• The student will demonstrate understanding of abstract language _____% of the time with _____ cues.

The student will maximize syntactic language skills.

  • The student will combine noun-verb sequences to compose simple sentences orally
  • The student will formulate a 3-5 word sentence using appropriate sentence structure ______% of the time with ______ cues.

The student will maximize pragmatic language skills.

  • The student will comment to express intent through the modality of speaking, gestures, sign language and/or an augmentative communication device _____% of the time with _____ cues.
  • The student will ask questions through the modality of speaking, sign language, gestures and/or an augmentative communication device _____% of the time with _____ cues.
  • The student will increase his ability to communicate non-verbally through use of appropriate vocal inflection, facial expression, eye gaze and/or gestures _____% of the time with _____ cues.
  • The student will increase his ability to communicate in context by exhibiting appropriate topic maintenance and initiation, response during conversation and awareness of social context _____% of the time with _____ cues and appropriate message repair by recognizing communication breakdown, considering his listener's needs and using clarification strategies _____% of the time with _____ cues.
  • The student will increase his ability to demonstrate cohesiveness of narration by sequencing information ____% of the time with _____ cues and classroom routines _____% of the time with ______ cues.

Visual Perceptual/Spatial Constructional

Sensory deficits are attributed to impaired vision related to a defect anywhere between the eye to the optic nerve to the primary visual cortex. Perceptual deficits, on the other hand, are attributed to deficits from the primary visual cortex, secondary visual cortex or the tertiary multimodal association cortex. Although it may be difficult to separate sensory from perceptual/spatial defects in some severely brain damaged patients, deficits in perception are often observed despite intact sensory ability. When a question of deficits in sensory and/or perceptual ability arise, a thorough ophthalmology evaluation should be requested and attempts made to correct sensory deficits as much as possible. The following objectives and goals were designed to address perceptual skills, such as making sense of and constructing visual information rather than sensory deficits.

Following brain damage, defects in identification of the formal characteristics of objects (visual perception) and defects in the localization of objects in space (visual spatial skill) have been observed. Patients with brain damage often show defective performance on one task and not the other. Neuroanatomically, there are two cortical visual association systems thought to be involved in this dichotomy. The inferior occipitotemporal system subserves object recognition and the occipitoparietal system subserves appreciation of spatial relations.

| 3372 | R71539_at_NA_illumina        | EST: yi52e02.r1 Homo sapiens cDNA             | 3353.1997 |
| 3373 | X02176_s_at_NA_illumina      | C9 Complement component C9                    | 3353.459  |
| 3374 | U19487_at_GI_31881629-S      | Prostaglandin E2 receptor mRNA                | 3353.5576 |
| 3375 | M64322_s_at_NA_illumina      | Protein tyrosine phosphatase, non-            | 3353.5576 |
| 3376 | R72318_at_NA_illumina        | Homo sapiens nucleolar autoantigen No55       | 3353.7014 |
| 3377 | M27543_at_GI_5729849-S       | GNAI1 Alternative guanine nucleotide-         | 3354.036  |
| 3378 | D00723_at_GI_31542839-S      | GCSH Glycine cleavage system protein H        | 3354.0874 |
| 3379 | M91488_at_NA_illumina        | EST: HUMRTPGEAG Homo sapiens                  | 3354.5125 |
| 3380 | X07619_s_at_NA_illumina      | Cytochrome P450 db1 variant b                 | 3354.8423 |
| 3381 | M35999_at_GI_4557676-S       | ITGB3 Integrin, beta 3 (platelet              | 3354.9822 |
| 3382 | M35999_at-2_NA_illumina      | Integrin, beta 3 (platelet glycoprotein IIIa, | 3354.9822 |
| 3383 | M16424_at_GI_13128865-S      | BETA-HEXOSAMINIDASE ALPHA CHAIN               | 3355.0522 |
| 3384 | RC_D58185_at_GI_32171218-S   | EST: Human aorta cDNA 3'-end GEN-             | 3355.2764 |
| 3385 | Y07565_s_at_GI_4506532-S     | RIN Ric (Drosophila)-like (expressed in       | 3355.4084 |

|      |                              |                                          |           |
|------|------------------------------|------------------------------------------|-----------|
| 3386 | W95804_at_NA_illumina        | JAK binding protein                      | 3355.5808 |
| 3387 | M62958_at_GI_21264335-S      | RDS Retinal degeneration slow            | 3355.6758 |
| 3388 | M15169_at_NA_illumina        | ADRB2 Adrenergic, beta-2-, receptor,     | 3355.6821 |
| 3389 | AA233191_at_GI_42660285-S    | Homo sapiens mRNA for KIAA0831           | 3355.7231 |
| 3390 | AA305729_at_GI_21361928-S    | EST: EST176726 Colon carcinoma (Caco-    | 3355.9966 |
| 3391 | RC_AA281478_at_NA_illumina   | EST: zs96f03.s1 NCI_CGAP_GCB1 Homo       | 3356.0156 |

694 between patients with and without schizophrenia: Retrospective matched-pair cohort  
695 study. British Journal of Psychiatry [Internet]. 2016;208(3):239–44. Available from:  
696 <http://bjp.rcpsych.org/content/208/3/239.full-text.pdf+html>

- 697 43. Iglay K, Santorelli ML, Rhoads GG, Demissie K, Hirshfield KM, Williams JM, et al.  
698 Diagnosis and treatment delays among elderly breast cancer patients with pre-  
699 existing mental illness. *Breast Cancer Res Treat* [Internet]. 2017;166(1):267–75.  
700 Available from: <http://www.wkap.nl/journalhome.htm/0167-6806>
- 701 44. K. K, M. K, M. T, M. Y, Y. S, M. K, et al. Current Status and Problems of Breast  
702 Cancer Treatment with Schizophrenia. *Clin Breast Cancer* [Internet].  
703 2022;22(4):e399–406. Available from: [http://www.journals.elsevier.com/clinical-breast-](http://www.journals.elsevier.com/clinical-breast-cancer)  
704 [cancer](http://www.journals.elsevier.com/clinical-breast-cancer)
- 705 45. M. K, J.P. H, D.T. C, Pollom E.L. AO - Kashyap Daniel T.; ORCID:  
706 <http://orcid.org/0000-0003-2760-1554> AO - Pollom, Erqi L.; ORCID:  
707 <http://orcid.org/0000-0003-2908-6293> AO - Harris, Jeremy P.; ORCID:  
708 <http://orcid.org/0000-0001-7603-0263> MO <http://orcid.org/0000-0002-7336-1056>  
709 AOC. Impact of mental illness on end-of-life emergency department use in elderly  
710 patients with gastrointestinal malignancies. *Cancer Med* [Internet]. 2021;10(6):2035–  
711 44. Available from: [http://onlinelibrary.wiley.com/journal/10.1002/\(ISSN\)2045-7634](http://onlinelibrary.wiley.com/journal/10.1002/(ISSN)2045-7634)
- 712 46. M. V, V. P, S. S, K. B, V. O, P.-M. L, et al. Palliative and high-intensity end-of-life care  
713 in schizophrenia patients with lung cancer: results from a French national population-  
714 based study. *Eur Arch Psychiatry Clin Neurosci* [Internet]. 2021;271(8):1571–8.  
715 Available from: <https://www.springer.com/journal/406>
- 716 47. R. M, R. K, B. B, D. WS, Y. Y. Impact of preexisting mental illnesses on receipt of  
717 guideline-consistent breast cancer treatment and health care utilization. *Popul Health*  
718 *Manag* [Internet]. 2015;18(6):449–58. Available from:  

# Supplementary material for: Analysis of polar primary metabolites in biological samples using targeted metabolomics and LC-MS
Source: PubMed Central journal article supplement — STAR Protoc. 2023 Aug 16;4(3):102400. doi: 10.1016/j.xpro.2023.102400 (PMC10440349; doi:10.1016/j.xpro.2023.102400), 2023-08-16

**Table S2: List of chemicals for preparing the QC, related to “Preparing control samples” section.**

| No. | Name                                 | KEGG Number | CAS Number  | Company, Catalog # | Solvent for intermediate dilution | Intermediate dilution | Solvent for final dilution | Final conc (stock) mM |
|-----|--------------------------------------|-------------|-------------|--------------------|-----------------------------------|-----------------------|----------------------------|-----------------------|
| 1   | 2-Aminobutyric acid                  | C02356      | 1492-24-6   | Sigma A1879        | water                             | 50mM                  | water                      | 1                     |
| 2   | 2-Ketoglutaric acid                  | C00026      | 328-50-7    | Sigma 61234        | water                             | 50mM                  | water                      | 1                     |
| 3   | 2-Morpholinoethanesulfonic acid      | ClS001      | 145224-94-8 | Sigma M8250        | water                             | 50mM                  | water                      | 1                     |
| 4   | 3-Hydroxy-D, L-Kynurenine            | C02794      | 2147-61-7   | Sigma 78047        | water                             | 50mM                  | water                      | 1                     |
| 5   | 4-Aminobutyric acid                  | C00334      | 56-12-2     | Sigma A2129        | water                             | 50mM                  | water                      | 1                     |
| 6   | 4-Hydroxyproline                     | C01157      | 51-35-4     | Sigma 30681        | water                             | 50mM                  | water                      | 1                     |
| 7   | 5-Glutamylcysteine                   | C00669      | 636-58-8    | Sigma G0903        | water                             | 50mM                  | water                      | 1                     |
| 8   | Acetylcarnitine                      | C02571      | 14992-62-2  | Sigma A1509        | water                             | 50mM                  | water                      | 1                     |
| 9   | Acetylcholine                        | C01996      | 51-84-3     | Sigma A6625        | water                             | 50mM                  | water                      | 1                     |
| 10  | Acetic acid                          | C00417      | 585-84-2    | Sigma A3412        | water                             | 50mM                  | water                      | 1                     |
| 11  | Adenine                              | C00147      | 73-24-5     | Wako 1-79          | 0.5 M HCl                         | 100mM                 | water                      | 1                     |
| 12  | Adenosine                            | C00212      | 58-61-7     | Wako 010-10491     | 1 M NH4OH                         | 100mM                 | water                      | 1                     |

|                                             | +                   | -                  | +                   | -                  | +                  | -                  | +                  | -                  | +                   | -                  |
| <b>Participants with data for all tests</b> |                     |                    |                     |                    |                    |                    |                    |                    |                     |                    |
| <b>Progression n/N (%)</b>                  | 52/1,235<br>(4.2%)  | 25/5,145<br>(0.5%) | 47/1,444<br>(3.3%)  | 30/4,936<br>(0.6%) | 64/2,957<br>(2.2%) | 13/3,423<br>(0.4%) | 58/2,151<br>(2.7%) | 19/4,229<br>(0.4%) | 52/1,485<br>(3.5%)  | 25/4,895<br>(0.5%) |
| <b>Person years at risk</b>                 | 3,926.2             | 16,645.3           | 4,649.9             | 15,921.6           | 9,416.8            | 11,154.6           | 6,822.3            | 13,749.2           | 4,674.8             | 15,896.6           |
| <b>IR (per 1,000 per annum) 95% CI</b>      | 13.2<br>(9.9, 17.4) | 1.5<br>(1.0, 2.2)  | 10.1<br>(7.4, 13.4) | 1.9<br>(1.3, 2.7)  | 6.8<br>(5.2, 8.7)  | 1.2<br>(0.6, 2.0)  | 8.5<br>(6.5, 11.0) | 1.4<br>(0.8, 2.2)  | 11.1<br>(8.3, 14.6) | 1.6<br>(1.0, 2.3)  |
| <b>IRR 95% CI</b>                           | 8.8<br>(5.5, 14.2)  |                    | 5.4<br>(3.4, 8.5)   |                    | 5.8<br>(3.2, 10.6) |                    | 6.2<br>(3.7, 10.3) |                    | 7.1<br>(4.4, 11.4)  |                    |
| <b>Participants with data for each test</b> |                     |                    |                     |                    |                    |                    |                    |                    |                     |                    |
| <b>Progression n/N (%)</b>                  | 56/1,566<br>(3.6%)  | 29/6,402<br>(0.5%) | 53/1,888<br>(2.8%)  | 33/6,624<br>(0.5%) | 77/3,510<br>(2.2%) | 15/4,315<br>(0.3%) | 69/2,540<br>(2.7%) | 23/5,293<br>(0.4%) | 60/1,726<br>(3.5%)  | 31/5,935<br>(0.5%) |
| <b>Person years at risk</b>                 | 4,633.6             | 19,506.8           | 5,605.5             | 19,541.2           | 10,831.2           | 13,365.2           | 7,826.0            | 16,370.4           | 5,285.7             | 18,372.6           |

Visuoconstructional ability involves the ability to create an object through drawing or building from a model, picture, or visual image. This ability is partially dependent on visuoperceptual and spatial skills, as well as other factors such as fine motor skill and planning.

Student will maximize basic visual sensory functioning

  • Student will comply with necessary accommodations (e.g., patch, glasses) for _____ amount of time with ____ prompts.

Student will maximize exploration and identification of objects in space (levels-startle, verbal cue, spontaneously)

  • Student will scan from left to right in order to find target in _____ area (e.g., tray, room) _____% of the time with _____ cues.
  • Student will identify targets in all areas of space to find target in ______ area ______% of the time with ______ cues.

Student will maximize recognition of visual stimuli

  • Student will identify three-dimensional objects _____% of the time with _____ cues.
  • Student will identify photographs _____% of the time with _____ cues.
  • Student will identify line drawings _____% of the time with _____ cues.
  • Student will perform visual closure by recognizing objects presented partially incomplete or ungraded _____% of the time with _____ cues.

Student will maximize visual spatial organization

  • Student will use visual cues to successfully navigate in _______ environment with _____ cues.
  • Student will discriminate features (i.e., size, angles, orientation) and assign meaning to visual stimuli (e.g., graphs, mental puzzles) _______ of the time with ______cues. 

Student will maximize visual/constructional ability